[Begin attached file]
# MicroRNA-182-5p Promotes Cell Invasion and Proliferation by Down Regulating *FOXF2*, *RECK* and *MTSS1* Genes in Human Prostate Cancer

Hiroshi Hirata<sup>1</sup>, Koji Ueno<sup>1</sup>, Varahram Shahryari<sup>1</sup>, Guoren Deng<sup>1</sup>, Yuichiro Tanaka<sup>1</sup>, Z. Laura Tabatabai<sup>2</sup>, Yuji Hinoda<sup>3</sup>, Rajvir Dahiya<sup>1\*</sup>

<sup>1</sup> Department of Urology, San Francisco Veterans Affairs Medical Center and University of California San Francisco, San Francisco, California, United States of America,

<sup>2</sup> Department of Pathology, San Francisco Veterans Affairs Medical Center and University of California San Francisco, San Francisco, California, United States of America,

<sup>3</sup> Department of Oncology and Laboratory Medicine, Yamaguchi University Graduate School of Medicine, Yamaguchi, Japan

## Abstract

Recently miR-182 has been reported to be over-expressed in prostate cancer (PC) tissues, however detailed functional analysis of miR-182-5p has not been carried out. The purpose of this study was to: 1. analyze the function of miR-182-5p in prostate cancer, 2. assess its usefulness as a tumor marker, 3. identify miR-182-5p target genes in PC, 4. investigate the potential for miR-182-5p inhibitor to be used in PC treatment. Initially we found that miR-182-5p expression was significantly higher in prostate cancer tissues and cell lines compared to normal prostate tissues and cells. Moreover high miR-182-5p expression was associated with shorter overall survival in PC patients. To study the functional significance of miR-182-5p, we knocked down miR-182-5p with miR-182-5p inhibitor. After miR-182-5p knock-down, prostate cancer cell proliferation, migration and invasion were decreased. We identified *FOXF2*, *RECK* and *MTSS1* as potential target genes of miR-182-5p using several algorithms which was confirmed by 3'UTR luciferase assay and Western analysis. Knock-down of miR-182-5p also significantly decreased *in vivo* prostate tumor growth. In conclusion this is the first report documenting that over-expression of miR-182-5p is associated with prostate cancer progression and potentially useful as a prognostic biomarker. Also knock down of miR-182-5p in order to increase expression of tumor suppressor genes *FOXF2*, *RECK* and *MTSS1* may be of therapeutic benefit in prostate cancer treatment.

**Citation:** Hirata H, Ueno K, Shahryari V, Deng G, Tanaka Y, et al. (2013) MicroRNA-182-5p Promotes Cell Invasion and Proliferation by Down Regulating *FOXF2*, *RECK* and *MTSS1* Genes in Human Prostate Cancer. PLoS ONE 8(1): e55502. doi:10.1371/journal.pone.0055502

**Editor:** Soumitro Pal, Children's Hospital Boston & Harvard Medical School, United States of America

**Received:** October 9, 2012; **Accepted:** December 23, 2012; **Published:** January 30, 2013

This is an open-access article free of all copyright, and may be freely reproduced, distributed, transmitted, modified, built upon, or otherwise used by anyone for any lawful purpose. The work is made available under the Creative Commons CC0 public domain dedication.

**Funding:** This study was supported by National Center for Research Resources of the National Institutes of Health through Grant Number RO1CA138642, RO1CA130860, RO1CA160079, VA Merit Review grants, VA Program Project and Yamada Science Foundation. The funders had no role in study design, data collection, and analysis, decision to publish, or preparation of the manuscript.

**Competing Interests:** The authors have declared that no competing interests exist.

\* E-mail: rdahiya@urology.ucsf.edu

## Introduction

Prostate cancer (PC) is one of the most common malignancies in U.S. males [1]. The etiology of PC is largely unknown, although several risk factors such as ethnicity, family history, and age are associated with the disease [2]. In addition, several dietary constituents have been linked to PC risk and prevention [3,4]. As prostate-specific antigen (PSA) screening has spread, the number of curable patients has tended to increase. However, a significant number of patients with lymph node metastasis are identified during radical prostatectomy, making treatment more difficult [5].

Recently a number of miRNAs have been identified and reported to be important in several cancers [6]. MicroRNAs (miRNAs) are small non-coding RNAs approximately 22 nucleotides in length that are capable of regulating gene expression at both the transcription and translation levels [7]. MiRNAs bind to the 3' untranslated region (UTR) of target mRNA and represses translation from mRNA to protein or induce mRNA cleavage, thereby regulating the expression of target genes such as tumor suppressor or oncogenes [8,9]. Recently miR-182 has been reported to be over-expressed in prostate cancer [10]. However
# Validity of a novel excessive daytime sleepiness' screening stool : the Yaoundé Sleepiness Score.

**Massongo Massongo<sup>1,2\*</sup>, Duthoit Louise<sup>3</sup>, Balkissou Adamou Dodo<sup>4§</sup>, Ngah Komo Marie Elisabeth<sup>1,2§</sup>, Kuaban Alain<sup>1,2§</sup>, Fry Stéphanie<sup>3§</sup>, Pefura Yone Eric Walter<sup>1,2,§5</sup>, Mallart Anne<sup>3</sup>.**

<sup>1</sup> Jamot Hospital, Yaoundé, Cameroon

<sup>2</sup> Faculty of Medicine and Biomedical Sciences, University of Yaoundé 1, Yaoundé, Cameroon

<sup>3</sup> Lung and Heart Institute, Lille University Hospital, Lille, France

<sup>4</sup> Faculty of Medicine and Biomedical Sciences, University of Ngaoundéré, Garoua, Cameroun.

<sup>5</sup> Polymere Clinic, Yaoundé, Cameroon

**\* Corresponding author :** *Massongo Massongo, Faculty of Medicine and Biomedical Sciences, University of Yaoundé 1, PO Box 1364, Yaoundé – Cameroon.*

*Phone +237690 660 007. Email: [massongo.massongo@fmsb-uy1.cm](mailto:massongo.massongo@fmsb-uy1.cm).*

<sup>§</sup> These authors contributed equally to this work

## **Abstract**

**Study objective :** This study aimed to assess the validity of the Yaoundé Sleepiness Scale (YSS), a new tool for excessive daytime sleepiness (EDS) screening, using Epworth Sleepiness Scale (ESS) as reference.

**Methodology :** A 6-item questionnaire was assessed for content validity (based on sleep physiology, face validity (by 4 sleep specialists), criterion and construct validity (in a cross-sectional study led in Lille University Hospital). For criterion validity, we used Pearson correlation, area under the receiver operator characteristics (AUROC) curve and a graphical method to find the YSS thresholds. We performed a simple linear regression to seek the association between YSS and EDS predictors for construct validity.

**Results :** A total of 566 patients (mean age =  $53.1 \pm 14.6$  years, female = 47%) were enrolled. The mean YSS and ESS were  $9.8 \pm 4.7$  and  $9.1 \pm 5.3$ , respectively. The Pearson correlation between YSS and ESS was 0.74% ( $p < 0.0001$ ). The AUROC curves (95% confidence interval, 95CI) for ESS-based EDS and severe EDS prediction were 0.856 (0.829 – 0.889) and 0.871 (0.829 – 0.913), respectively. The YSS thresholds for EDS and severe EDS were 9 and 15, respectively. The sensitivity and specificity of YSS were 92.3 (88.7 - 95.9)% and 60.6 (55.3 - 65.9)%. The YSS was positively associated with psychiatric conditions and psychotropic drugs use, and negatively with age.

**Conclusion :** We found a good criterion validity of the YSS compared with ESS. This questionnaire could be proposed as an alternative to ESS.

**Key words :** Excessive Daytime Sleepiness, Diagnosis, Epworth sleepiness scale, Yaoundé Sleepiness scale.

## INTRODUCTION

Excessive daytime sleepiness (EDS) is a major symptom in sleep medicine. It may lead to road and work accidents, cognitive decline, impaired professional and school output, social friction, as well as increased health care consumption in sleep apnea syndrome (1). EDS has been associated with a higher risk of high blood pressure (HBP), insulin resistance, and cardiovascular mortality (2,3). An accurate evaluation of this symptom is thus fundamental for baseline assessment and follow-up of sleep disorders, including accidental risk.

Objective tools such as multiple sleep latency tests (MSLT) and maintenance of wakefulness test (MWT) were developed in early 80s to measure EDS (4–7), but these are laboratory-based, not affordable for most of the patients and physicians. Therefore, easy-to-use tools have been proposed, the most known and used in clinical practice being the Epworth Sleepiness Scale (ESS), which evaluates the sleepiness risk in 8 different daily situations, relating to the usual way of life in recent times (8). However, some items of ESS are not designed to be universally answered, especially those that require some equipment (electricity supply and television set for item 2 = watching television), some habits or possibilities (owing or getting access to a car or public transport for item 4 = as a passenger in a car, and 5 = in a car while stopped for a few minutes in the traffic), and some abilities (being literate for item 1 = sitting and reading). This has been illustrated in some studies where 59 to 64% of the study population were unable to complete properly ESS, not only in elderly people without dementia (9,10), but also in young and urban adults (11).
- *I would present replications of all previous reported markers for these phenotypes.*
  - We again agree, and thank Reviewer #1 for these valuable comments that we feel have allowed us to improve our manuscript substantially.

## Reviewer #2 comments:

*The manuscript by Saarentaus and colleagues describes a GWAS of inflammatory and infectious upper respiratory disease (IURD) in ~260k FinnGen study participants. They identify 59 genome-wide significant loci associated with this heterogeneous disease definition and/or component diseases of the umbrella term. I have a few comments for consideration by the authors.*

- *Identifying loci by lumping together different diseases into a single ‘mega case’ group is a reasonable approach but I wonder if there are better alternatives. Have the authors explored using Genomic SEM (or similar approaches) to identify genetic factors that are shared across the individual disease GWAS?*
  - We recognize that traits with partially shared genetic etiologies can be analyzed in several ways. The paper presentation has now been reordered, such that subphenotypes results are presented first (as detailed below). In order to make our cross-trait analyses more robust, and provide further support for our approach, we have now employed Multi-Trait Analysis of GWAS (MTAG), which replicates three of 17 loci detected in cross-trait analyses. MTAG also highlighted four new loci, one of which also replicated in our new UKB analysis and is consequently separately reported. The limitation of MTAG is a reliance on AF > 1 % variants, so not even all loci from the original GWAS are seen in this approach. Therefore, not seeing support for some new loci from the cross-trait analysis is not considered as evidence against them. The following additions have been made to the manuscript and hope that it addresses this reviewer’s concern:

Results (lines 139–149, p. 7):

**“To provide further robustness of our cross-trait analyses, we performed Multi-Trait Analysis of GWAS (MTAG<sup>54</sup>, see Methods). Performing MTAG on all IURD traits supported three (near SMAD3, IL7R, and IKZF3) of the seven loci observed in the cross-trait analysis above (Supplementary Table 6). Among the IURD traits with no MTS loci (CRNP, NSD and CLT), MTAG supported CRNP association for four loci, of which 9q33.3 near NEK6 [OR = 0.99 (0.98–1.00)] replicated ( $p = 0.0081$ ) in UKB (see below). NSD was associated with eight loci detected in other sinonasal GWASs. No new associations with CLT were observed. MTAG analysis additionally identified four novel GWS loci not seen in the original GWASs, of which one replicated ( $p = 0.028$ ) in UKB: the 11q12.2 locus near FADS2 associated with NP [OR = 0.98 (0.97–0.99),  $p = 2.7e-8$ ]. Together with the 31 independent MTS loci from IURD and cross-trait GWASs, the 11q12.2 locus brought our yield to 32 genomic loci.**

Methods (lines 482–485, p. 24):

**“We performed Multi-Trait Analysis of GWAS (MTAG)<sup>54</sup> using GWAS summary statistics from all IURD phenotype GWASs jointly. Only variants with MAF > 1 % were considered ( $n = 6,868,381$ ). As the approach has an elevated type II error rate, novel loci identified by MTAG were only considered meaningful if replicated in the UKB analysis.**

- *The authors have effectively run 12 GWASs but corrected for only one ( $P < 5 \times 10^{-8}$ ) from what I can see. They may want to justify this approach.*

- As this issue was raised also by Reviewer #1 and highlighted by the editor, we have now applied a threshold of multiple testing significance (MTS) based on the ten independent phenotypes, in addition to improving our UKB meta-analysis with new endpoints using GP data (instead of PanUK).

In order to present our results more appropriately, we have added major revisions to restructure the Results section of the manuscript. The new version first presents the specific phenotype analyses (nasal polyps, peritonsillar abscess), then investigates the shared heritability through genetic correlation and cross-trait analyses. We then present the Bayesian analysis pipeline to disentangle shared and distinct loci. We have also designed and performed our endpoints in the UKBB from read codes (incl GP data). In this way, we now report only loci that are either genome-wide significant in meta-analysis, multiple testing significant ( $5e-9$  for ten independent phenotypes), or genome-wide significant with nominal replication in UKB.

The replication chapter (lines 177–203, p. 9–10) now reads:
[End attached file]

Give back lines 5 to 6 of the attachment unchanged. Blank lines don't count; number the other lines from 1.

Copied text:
<sup>3</sup> Department of Oncology and Laboratory Medicine, Yamaguchi University Graduate School of Medicine, Yamaguchi, Japan

## Abstract